Scientists in Switzerland have developed a protective coating for seeds that poisons pests with cyanide when they bite into it.
The coating is a system of two layers and only becomes toxic when the layers are mixed, eliminating the problem of environmental contamination that is associated with current pesticides. The researchers based the system on a form of natural protection many plants use for protection against herbivores, like apples. Apple seeds contain the chemical amygdalin or other cyano-glycosides, which reacts with enzymes to release the toxic chemical hydrogen cyanide to protect them from attack by insects.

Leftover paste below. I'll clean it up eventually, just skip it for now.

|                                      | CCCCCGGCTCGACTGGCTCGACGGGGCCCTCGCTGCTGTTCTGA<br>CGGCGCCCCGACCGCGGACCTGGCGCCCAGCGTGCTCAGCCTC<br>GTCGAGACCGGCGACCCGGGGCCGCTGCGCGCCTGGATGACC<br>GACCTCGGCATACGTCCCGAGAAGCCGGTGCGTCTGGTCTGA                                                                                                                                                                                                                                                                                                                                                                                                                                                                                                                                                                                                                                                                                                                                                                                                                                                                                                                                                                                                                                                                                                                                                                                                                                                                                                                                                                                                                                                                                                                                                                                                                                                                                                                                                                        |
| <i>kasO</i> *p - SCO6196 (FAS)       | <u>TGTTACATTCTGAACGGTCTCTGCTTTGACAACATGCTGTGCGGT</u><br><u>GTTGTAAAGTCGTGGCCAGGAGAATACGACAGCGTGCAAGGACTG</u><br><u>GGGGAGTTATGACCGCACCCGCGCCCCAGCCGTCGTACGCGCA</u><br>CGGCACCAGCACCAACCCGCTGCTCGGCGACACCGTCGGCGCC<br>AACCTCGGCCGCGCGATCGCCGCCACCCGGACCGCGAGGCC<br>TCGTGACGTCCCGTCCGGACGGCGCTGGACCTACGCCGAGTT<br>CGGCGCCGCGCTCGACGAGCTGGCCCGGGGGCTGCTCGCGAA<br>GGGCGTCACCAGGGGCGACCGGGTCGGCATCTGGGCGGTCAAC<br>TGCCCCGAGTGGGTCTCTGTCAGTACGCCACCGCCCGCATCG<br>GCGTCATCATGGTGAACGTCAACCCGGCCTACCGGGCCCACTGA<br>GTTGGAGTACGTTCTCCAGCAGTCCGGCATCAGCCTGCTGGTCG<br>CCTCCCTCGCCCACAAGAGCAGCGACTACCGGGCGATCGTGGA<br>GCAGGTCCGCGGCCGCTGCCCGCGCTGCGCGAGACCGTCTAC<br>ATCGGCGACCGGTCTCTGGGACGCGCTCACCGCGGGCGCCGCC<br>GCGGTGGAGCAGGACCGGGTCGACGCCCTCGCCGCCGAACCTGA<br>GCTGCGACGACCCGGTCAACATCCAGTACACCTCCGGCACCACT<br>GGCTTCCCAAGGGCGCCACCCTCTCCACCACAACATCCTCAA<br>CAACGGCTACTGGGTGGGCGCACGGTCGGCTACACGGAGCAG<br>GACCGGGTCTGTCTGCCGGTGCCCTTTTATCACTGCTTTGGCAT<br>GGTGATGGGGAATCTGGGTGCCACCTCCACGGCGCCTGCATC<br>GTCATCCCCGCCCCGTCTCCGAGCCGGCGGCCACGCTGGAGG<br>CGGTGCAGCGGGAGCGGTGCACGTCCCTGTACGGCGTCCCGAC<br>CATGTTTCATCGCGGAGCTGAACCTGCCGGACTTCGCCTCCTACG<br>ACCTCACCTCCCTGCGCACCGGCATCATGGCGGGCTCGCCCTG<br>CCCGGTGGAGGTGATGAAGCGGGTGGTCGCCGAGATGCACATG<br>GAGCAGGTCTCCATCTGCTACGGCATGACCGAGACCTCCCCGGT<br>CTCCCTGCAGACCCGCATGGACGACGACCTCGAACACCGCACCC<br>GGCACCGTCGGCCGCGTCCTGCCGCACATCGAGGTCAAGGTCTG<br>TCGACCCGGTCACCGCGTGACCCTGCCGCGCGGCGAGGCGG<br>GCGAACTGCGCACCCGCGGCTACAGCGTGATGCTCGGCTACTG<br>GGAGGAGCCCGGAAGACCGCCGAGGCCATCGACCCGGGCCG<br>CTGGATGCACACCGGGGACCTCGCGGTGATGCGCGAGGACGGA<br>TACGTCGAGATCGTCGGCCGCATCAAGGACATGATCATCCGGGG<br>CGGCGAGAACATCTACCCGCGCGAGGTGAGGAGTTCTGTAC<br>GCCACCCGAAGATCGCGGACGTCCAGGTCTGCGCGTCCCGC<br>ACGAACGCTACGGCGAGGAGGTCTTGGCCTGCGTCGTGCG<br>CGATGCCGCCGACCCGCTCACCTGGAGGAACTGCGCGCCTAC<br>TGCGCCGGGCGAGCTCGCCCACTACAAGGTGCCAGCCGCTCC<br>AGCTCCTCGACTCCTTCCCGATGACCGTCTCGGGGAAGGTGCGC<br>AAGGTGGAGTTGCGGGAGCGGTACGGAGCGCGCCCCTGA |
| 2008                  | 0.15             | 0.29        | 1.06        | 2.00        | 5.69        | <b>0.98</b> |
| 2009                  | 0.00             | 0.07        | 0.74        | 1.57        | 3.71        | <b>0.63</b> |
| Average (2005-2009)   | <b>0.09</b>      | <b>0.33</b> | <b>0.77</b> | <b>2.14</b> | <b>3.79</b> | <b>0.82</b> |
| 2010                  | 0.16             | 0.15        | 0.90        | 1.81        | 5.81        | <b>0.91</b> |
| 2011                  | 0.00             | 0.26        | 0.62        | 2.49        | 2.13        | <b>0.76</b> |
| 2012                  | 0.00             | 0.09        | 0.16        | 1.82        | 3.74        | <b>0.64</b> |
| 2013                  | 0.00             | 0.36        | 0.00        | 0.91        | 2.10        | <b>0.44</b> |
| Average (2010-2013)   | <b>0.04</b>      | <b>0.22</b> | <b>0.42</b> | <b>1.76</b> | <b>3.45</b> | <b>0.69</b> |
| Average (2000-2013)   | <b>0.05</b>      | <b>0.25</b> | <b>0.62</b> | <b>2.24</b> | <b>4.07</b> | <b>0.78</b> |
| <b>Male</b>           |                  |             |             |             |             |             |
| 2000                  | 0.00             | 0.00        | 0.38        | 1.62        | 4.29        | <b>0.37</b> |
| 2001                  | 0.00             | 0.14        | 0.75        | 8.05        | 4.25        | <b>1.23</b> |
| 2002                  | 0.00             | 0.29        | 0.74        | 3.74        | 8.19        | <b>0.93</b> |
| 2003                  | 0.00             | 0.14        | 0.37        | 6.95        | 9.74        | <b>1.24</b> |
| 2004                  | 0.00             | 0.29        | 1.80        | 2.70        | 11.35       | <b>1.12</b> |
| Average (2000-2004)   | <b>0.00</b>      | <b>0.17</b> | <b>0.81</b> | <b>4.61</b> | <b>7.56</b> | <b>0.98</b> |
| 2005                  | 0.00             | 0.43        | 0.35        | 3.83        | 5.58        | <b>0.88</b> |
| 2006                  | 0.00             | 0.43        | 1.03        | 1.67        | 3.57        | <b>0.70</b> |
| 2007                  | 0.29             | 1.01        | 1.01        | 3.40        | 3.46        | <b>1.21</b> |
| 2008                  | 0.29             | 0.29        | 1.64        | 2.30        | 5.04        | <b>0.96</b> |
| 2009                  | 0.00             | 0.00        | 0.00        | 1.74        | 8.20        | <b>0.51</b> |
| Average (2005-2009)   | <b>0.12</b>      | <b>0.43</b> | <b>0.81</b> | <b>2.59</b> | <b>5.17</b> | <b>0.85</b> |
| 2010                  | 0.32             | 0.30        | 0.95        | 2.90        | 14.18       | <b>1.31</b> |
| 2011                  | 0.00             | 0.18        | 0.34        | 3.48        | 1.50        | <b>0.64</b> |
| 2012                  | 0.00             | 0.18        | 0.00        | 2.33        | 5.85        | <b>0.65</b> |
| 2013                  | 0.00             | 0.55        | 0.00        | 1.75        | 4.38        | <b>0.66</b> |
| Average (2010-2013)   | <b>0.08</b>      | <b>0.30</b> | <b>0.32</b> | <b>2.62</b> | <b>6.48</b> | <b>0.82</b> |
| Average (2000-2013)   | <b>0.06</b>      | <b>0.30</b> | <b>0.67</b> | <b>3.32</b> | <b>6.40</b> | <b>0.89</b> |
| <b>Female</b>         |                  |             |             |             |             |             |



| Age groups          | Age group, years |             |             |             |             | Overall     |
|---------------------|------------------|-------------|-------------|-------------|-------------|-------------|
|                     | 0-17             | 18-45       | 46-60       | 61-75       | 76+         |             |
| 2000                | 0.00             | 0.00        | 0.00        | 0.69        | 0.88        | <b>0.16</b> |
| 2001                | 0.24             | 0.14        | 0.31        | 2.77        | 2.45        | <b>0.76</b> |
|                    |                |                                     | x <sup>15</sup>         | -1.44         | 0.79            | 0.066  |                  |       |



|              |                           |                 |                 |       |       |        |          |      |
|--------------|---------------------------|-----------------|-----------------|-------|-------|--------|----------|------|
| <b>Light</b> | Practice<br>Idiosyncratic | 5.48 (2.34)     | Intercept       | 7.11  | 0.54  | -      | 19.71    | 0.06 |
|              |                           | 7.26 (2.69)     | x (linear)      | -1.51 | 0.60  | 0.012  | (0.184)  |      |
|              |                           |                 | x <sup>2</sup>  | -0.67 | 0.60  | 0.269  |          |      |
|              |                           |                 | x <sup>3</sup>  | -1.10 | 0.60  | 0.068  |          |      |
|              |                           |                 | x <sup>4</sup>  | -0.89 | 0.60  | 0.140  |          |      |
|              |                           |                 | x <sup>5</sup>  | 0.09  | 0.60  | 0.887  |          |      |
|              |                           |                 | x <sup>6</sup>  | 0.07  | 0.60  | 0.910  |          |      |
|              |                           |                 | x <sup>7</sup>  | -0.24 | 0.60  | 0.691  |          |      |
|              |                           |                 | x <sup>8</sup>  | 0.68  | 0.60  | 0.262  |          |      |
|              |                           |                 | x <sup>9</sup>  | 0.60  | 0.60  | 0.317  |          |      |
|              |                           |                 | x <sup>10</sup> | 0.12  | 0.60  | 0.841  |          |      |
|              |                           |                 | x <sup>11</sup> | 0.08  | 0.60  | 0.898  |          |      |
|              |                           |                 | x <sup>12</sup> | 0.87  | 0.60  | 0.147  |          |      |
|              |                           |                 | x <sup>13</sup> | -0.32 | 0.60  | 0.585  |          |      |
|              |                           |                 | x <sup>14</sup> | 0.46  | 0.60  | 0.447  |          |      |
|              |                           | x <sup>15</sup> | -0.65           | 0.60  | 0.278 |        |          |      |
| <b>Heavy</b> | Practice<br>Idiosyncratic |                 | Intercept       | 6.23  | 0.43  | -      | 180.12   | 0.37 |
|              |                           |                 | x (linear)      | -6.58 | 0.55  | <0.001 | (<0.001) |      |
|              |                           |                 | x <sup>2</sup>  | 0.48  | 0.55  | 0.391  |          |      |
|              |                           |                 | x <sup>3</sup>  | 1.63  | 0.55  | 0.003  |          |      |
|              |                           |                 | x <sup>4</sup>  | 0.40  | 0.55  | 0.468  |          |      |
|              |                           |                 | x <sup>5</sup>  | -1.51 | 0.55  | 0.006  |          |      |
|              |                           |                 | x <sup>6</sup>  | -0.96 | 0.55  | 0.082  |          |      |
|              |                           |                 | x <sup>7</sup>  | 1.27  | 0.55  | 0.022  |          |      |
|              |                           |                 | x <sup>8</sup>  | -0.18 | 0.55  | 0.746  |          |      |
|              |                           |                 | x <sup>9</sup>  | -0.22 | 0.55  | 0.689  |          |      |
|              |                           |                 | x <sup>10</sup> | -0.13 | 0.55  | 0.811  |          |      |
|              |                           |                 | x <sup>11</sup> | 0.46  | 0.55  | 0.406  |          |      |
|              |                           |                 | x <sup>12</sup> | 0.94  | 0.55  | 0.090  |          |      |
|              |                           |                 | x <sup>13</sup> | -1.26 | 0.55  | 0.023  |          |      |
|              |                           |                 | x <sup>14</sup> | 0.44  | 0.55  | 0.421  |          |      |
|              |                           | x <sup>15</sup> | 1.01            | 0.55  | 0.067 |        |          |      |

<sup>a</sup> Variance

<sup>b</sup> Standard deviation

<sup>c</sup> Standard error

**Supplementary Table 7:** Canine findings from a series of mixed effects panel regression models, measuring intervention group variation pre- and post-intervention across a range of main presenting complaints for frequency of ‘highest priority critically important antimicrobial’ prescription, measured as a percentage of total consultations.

The artificial coating, which could be used on as-yet unprotected seeds such as wheat, is made from a layer of the enzyme hydroxynitrile lyase and a layer of polylactic acid containing the chemical malonitrile. The two layers are separated by a layer of pure polylactic acid. When a herbivore bites into the seed, the layers merge together. This causes the hydroxynitrile lyase and malonitrile to react with one another to produce hydrogen cyanide by a process called cyanogenesis.
The coating is applied to the seeds only so it is safe for humans to eat the fully-grown crop. However, the researchers found that the coating can reduce the ability of seeds to germinate which could be due to the toxic effect of the coating on the seeds themselves. They are currently working on applying a denser separating layer to reduce the diffusion of hydrogen cyanide towards the centre of the seeds.